Lake Macquarie History

Roland Robinson 1912-1992

Roland Robinson was born in Balbriggan, County Clare, Ireland in 1912. He came to Australia with his parents at the age of nine. After a brief education he worked at many jobs, including rouseabout on a sheep station, boundary rider, railway fettler, fencer, dam builder, factory worker, ballet dancer, gardener and golf course groundsman.

photo: roland robinson

His love and pursuit of poetry intertwined throughout this amazing array of occupations and his travels with swag throughout the land. Everywhere he went he wrote poetry and was fortunate in meeting and being encouraged by fellow writers like Mary Gilmore. He in turn became a tireless worker encouraging younger poets through activities like writers workshops, and publishing many in a series of books from his own imprint Lyrebird Press.

His first collection of poetry was published in 1944 and his publications included verse, short stories, autobiographies and a television play. He was an outstanding member of the group of poets who called themselves the Jindyworobaks. This was a nationalistic Australian literary movement which ran from the 1930s to 1950s. The members of this group both black and white, endeavoured to promote indigenous Australian ideas and customs, particularly through poetry. The movement was born at a time when the high rate of immigration raised concerns about the influx of introduced cultures and their effect on Australian arts.

As you would expect, he made many friends among the aboriginal people he met and came to know so well, and he fought more than one battle on their behalf. Above all he has always listened to, loved and understood their stories, myths and legends. Many of these Roland recorded and rendered into his poetry. He was a Member, Kirsova Ballet from 1944-47 and carried his love for dance into his work as a ballet critic for the Sydney Morning Herald. Roland was a book reviewer and ballet critic for both the Sydney Morning Herald and the Newcastle Herald. He was also editor of Poetry Australia and President of both the Poetry Society of Australia and the Lake Macquarie Poetry Society.

Roland spent his later years in Lake Macquarie. After his death in 1992 Lake Macquarie City Council established the annual Roland Robinson Literary Awards to honour his contribution to literature and to foster creative literary talent in the City.

Awards and Honours

  • the Patrick White Prize 1974;
  • Emeritus Professor
  • Literature Board of the Australia Council 1982;
  • Order of Australia 1988;
  • Honorary Doctor of Letters, University of Newcastle University1991,
  • Freeman of the City of Lake Macquarie 1991.
  • Lake Macquarie had been Roland's home for many years before his death at Belmont in 1992. To honour Roland 's life and his association with Lake Macquarie, the City established an annual Roland Robinson Literary Award which ran from 1994 to 2004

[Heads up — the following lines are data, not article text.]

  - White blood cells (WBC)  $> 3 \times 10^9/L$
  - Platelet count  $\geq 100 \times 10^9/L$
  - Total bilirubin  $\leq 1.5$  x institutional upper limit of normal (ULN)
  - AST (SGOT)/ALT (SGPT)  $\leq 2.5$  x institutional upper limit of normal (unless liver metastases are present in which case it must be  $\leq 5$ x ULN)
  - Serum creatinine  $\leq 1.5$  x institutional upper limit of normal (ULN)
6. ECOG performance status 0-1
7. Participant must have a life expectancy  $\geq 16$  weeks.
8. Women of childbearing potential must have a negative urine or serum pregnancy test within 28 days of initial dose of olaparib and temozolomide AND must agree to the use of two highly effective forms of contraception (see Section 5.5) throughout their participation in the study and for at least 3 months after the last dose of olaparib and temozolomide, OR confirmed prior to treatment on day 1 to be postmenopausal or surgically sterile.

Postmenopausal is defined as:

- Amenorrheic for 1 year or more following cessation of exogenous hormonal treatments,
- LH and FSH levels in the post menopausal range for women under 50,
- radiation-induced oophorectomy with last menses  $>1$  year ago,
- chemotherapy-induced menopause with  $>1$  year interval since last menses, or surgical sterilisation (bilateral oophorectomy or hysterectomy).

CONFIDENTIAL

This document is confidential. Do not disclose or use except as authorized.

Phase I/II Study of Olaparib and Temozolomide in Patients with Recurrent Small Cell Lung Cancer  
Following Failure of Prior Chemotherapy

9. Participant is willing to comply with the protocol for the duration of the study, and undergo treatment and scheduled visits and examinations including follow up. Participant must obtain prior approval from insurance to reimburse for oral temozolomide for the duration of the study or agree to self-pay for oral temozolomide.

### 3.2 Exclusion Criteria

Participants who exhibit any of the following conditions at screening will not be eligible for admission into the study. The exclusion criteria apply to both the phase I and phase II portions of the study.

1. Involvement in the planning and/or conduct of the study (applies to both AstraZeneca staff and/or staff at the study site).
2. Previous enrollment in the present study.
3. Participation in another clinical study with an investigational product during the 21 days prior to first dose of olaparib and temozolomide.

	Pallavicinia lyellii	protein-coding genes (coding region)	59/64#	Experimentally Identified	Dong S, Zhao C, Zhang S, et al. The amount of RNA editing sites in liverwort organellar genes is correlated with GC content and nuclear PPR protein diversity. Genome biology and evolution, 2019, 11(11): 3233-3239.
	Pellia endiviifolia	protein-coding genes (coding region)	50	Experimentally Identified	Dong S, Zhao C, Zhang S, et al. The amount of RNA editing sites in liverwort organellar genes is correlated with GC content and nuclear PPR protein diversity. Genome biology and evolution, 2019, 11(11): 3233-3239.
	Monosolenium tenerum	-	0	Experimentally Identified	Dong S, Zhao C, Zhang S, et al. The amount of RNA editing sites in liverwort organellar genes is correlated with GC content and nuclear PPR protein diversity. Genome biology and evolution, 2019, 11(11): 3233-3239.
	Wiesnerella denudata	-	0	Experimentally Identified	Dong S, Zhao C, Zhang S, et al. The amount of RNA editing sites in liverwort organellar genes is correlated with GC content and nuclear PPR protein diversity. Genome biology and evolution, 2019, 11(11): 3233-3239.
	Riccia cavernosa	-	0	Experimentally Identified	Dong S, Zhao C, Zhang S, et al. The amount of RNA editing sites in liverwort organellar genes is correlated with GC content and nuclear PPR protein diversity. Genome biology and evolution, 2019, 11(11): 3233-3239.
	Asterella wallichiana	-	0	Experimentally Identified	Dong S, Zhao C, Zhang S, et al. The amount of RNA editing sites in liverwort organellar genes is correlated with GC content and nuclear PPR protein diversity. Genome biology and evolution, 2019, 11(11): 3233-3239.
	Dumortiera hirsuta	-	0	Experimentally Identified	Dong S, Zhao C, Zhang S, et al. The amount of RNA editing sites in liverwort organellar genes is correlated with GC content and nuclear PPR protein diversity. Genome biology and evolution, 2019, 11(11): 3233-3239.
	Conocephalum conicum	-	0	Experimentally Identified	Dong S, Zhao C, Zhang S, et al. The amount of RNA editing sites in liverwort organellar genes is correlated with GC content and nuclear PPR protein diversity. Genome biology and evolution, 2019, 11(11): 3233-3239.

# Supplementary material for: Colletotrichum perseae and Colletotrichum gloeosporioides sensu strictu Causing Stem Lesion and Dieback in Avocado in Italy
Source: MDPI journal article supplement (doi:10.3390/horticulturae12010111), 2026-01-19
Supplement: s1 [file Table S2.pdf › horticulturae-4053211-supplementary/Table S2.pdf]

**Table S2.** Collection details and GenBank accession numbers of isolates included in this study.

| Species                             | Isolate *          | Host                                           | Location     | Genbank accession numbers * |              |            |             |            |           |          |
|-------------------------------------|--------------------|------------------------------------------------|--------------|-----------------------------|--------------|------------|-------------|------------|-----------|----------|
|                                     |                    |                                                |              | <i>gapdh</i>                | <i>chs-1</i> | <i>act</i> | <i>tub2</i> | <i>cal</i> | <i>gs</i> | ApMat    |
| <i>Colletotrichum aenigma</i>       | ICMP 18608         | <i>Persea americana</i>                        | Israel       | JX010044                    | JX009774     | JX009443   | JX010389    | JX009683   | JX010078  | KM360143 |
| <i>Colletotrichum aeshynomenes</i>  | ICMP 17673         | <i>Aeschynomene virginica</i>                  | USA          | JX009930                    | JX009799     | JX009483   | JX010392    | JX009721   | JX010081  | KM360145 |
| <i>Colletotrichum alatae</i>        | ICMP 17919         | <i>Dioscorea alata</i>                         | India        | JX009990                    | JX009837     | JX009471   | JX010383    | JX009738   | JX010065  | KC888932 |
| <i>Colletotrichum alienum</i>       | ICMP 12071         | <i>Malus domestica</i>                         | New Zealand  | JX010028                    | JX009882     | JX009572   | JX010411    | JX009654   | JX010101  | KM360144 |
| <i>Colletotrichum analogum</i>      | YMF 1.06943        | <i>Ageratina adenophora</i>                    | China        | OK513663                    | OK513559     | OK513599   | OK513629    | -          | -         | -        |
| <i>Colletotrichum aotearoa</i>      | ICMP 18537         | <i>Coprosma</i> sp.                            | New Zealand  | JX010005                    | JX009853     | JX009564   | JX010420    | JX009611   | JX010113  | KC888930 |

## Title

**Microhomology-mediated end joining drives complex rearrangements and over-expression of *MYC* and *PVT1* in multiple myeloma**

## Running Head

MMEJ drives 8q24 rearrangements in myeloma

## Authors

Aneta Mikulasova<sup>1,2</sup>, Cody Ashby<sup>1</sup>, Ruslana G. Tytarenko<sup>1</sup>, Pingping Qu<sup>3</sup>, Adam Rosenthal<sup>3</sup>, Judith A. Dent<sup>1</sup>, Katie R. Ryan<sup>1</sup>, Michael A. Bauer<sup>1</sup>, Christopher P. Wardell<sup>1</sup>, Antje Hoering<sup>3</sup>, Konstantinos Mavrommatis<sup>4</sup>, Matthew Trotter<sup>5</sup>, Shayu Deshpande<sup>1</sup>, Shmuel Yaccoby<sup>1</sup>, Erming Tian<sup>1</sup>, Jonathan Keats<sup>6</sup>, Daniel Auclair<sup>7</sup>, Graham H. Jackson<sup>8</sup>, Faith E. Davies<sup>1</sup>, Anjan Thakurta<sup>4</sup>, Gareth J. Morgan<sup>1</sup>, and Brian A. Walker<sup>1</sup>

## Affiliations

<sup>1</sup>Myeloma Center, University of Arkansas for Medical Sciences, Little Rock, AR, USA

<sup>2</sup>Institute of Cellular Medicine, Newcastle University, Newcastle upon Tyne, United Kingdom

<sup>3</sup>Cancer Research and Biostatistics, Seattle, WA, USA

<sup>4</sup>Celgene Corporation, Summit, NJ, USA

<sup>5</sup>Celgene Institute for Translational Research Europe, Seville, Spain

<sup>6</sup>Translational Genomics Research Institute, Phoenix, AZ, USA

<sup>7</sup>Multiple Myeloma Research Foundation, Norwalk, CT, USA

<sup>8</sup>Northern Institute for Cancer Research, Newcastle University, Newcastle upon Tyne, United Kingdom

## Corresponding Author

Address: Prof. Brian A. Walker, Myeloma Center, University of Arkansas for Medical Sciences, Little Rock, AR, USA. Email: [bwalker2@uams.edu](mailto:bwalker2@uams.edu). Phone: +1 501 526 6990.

• The new Belmont branch of Lake Macquarie City Library was opened in 1997 and was named in memory of Roland Robinson D. Litt, OAM. Robinson was a resident of Belmont North.

Works

Poetry

  • Beyond the Grass-Tree Spears. Adelaide, Jindyworobak, 1944.
  • Language of the Sand. Sydney, Lyre Bird, 1948.
  • Tumult of the Swans. Sydney, Edwards and Shaw, 1953.
  • Deep Well. Sydney, Edwards and Shaw, 1962.
  • Grendel. Brisbane, Jacaranda Press, 1967.
  • Altjeringa and Other Aboriginal Poems. Sydney, Reed, 1970.
  • Selected Poems. Sydney, Angus and Robertson, 1971.
  • The Hooded Lamp. Sydney, Edwards and Shaw, 1976.
  • Selected Poems, 1944-82, edited by A.G. Bennett and Michael Sharkey. Armidale, New South Wales, Kardaordir Press, 1984; revised edition, Sydney, Angus and Robertson, 1989.

Short Stories

  • Black-Feller, White-Feller. Sydney, Angus and Robertson, 1958.

Other

  • Legend and Dreaming: Legends of the Dream-Time of the Australian Aborigines. Sydney, Edwards and Shaw, 1952.
  • The Feathered Serpent: The Mythological Genesis and Recreative Ritual of the Aboriginal Tribes of the Northern Territory of Australia. Sydney, Edwards and Shaw, 1956.
  • The Man Who Sold His Dreaming. Sydney, Currawong, 1965.
  • Aboriginal Myths and Legends. Melbourne, Sun, 1966.
  • The Australian Aboriginal in Colour, photographs by Douglas Baglin. Sydney, Reed, 1968.

Autobiography

  • The Drift of Things: An Autobiography 1914-1952. Melbourne, Macmillan, 1973.
  • The Shift of Sands: An Autobiography 1952-1962. Melbourne, Macmillan, 1976.
  • A Letter to Joan: An Autobiography 1962-1973. Melbourne, Macmillan, 1978.

As editor

  • Wandjina: Children of the Dreamtime: Aboriginal Myths and Legends. Brisbane, Jacaranda Press, 1968.
  • The Nearest the White Man Gets. Sydney, Hale and Iremonger, 1989.